Category Archives: Nooherooka 300

Matrilineal Culture of the Tuscarora Nation

Matrilineal Culture of the Tuscarora Nation

by Samantha Sheffield, ECU Public History major


As I undertook this research I came to find that very little information on the Tuscarora matrilineal practices exists.  All the information below is from an interview on November 8, 2012 with members of the Tuscarora Nation primarily Francine Patterson, White Bear Clan Mother.

 

Like many of the native populations in the Americas the Tuscarora Nation practiced a matrilineal system of identification.  While not a true matriarchy, the women did not rule over the clans, they did appoint the leaders and ancestry was traced through the female line.  The structure of the Tuscarora society is based around the clans.  Each have a male leader who is a chief and then the chiefs meet together in a council where they discuss issues and come to an agreement on how to proceed; much like American democracy.

The clan mother is responsible for appointing the clan chiefs.  A clan mother is a leader who is chosen by her clan because she has good leadership qualities, is highly respected, and is educated in the traditions and ways of the clan. She also is the “ears” for the male chief.

When the clan mother chooses the chief she looks for leadership qualities, strength of character, as well as what they call a “seven span thickness of skin.” This is the ability to take the abuses thrown at any leader who makes unpopular decisions.  Though the decision making is then left to the male chiefs the clan mother does have the ability to “chastise” the chief.  This is an important and rarely used right only when the chief has done something greatly opposed to the cultural traditions and is need of censure.

In the home life of the clans, families historically occupied a longhouse together.  When women married they did not leave home as in European cultures. They stayed and the men who moved into her family home.  Additionally, their children associate with the mother’s clan.  For instance, if a female White Bear marries a man from the Beaver clan, he leaves home and moves into her family’s longhouse.  Though he maintains his connection to the Beaver clan all their children are White Bears.  While today Tuscarora do not live in longhouses they still practice the matrilineal customs, meaning the children are still born into their mother’s clan.  This can create difficulties when Tuscarora men marry out of the nation because then their children have no clan and are no longer Tuscarora.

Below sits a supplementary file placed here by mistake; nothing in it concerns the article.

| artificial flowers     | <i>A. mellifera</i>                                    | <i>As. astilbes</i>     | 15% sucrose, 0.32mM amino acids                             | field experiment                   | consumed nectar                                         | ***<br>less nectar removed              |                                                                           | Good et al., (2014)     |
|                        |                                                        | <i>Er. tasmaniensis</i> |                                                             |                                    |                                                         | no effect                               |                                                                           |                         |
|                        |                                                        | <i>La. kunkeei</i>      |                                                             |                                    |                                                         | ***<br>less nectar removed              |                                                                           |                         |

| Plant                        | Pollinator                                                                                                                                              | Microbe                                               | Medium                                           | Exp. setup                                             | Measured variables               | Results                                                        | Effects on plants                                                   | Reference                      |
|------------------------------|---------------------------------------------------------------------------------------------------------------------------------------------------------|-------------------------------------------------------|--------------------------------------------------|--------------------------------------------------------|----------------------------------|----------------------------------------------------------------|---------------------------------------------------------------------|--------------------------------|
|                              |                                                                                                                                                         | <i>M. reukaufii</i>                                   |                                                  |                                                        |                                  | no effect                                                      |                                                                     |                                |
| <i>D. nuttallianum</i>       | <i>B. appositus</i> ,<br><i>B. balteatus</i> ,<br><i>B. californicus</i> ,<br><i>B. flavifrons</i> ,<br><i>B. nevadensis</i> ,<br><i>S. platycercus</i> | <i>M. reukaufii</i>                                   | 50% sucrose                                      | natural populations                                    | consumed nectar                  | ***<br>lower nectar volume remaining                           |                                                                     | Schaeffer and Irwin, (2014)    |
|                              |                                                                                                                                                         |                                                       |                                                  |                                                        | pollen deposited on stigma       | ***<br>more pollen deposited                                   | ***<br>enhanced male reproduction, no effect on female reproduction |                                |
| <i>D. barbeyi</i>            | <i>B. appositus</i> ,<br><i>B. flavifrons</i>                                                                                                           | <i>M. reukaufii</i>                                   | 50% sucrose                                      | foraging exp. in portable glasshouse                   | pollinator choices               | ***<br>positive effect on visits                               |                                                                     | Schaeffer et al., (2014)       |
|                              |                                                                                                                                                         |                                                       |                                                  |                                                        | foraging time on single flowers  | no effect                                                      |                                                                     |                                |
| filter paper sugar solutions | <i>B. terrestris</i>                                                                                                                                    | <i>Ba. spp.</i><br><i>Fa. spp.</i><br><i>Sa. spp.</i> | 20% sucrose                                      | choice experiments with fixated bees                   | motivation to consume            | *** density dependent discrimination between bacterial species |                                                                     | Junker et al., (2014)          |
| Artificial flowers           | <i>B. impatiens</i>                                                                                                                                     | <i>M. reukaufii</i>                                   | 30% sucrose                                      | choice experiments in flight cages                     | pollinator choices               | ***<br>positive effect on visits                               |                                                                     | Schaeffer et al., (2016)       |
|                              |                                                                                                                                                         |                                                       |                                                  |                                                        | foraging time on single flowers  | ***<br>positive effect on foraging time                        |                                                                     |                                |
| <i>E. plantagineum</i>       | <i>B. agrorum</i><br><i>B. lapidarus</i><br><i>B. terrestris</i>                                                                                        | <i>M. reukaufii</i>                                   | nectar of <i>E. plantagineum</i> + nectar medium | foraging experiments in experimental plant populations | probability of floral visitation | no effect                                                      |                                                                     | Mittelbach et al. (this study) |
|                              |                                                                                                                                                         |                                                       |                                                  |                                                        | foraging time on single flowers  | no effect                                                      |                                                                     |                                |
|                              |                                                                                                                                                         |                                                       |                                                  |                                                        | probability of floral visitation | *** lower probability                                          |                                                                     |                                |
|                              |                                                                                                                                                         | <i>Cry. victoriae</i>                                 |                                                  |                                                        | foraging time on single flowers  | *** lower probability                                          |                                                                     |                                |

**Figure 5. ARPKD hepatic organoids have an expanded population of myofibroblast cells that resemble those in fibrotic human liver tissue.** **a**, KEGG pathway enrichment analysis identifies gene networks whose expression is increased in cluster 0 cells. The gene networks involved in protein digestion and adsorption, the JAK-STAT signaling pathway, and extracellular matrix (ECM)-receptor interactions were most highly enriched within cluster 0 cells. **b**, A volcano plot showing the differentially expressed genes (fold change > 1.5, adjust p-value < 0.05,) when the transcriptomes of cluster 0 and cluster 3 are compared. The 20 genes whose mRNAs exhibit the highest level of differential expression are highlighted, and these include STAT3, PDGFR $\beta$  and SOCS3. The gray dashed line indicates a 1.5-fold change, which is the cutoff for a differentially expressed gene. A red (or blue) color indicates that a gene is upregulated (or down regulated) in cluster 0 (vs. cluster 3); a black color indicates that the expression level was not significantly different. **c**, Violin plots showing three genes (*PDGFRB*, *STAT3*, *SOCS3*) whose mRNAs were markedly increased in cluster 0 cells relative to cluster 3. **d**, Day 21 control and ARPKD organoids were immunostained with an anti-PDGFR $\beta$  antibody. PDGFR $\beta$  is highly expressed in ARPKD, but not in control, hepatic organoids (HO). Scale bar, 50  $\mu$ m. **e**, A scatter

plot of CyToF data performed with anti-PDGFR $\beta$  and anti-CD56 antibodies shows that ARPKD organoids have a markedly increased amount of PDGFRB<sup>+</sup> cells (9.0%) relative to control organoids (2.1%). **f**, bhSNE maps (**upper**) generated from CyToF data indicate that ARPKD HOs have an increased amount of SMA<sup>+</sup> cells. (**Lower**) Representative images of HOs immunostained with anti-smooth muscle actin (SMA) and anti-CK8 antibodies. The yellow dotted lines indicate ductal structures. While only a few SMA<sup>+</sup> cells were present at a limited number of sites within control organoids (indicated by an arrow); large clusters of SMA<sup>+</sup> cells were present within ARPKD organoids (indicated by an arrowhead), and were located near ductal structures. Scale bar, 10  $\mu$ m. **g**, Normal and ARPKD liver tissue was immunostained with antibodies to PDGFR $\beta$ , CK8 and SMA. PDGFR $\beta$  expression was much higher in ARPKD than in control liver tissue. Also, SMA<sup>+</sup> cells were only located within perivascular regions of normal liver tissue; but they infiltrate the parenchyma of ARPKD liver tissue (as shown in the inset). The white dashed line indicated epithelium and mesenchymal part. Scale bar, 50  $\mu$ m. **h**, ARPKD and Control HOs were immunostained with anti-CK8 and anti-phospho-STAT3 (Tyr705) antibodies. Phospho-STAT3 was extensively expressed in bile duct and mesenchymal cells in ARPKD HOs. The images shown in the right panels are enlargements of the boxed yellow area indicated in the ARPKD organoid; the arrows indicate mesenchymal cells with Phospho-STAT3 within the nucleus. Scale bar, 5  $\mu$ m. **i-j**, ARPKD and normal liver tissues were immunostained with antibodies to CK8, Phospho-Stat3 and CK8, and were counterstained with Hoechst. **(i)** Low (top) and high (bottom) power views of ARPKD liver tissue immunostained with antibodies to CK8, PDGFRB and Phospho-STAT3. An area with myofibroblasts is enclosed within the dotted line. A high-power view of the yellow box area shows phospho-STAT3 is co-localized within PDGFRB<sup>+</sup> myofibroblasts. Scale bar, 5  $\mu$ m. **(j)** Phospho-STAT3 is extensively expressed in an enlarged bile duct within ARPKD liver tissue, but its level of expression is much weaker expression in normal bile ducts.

Historically, women and children were responsible for planting and harvesting while the men were the hunters. Education of both girls and boys was undertaken by the women, especially in the traditions of each clan.  Today education in the clan culture and providing for the family are undertaken by both parents.

Though the Tuscarora had to survive near annihilation they were able to survive and keep their family traditions present in their lives through today.  The women who fought ferociously against the English forces to protect their children inside the Fort Nooheruka can be still be found in the Tuscarora women today.  They have chosen their chiefs well and fought bravely to survive into the twenty-first century.

 

Repatriation

Repatriation
By Victoria Albanese, East Carolina University History and Philosophy Major

What is Repatriation?

In general, repatriation refers to the process by which one restores or returns a person or item back to the country of origin, allegiance, or citizenship.
This is familiar to most as the returning of a soldier’s body or belongings back to his or her homeland after war.

Archaeologists’ main objective is to find artifacts and remnants of history where ever they go, but what happens when they come across something that shouldn’t be taken from the site?